By Steven Hawley
At September’s IBC conference, I focused mainly on video security. The large pay TV security technology suppliers have built comprehensive portfolios consisting of conditional access for traditional pay TV, digital rights management for streaming services, analytics for ad-optimization; complemented by professional services for techincal assessments and integration.
These larger suppliers have also have offerings in the middleware and closely related service delivery platform categories. At this IBC, all of these companies positioned them as part of a complete breakfast: service creation, service delivery and video experiences that are attractive and relevant to consumers, presented securely.
And all of them offer piracy detection and anti-piracy solutions for rights-infringement. But even though they’ve all been offered for years (many years in the cases of Viaccess-Orca and Irdeto), these systems still feel… a bit separated from the rest, like silos. None of these suppliers were explicitly positioning them as parts of their integrated service delivery and security platforms – yet.
So, prediction #1: Piracy will move from being a peripheral concern in the industry, to the mainstream. While the Mayweather boxing match was a poster-boy for piracy in 2017, in retrospect it was an isolated incident. But situations like beoutQ are too big to ignore, jeopardizing some large media companies, including beIN Media, which claims to be the largest media distributor in the world.
Prediction #2: These leaders in security technology will begin to position piracy and anti-piracy as the logical extension to their portfolios – and add feedback loops that communicate potential piracy events to – and trigger anti-piracy responses by – service management and security. Not only by shutting down a stream or a device to disable a pirate who is redistributing widely, but also, to present legitimate incentives to well-intentioned end users. AI will be called upon, to help minimize false positives, suggest which action to take, and automate the process.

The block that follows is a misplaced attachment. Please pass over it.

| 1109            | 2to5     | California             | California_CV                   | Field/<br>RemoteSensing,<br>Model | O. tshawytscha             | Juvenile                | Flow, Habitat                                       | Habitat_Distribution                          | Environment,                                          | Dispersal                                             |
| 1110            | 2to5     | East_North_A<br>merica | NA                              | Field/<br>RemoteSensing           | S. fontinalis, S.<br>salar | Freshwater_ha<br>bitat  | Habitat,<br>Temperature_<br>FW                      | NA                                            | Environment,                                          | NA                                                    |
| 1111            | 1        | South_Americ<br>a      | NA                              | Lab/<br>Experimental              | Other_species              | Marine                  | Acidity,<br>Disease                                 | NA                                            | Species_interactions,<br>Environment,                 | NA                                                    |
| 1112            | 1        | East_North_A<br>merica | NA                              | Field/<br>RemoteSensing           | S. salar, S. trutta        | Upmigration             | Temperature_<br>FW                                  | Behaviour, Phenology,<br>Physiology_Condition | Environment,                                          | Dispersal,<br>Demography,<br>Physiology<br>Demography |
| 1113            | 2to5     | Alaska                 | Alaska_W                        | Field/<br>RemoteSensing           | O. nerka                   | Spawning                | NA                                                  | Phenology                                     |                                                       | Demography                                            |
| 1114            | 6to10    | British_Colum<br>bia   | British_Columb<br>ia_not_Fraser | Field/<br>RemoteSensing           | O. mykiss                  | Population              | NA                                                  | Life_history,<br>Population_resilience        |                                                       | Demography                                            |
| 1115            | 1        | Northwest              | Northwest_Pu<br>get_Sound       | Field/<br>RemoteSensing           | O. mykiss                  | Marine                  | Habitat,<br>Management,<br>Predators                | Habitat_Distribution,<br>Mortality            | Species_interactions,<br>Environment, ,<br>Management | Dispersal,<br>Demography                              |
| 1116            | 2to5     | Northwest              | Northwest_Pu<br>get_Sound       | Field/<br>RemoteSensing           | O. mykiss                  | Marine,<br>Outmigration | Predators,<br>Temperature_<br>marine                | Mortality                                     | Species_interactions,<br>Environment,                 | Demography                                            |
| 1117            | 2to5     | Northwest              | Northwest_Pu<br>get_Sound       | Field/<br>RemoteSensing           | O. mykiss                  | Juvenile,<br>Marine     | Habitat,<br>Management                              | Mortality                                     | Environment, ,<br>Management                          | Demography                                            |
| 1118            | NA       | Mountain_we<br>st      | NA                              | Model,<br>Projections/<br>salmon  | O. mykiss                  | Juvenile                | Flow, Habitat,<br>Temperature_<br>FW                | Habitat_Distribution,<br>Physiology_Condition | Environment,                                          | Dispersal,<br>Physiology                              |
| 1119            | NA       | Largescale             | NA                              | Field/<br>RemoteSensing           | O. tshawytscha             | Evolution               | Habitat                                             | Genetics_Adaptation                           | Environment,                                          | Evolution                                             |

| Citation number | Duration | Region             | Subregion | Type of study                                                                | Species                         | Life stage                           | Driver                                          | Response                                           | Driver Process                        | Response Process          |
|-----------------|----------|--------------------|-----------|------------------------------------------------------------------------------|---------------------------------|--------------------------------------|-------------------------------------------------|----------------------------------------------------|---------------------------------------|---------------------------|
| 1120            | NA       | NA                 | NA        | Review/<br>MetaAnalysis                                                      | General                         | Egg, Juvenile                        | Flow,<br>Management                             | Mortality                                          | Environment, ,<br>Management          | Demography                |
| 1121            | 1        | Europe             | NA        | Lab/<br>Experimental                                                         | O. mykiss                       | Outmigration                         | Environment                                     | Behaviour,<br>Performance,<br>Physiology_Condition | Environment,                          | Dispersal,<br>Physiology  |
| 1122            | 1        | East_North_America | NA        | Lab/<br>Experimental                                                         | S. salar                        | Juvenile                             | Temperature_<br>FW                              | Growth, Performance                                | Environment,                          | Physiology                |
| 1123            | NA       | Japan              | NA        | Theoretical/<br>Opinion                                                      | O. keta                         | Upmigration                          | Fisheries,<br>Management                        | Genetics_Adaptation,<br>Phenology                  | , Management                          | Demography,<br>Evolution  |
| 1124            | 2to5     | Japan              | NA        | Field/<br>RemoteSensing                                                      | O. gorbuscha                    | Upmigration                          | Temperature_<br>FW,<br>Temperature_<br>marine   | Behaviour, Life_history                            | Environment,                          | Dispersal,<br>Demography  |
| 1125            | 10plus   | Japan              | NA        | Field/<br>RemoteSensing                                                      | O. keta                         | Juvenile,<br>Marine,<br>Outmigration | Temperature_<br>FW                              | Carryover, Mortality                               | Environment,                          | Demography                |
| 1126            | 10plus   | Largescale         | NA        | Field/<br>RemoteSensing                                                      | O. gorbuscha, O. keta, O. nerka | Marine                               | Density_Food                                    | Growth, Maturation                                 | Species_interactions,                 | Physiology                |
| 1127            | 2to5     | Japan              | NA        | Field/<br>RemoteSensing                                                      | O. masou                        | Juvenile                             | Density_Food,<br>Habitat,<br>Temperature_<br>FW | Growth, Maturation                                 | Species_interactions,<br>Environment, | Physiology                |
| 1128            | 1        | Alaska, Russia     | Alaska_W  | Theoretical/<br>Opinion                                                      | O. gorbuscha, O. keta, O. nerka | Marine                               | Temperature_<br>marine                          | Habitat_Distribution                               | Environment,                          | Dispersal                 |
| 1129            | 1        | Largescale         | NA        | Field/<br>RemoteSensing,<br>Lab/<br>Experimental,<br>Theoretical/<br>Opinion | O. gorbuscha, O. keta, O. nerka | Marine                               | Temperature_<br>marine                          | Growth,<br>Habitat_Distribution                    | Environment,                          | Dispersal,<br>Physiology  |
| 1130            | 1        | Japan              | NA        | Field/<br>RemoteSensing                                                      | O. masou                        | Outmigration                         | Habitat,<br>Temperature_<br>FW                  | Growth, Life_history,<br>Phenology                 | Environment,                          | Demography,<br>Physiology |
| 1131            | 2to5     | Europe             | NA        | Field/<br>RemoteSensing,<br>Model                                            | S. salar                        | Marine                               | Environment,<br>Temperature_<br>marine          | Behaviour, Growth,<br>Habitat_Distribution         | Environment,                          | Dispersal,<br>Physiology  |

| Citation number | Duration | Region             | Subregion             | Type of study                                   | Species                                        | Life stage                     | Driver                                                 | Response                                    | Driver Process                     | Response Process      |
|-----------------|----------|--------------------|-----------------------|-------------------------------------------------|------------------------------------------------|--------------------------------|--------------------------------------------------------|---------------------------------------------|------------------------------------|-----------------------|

Prediction #3: There will be more industry talk about consumer education, but sentiments may not quite align with the problems consumers are trying to address. Study after study indicate that most consumers are willing to subscribe to pirate video services – even when they know it’s not legitimate – simply to save money and ignoring the risks. Others say that consumers are more likely to resort to piracy to get that one TV show that’s not available through the services that they already subscribe to, rather than adding another service to receive it.
This last one will reflect a realization that technologies alone won’t solve the problem of piracy. And consumer education (or is it “scaring the consumer”) alone is not enough either. The media industry needs to re-think its walled-garden approach to content exclusivity. Sounds like the a-la-carte debates of old, doesn’t it?
So another burning question goes to whether or not the Hulus, Netflixes, AT&Ts, Disney-plusses, Apples and others of the world will learn from their pay TV ancestors, or will they – in a future year – repeat the 10%/quarter losses now being felt by pay TV?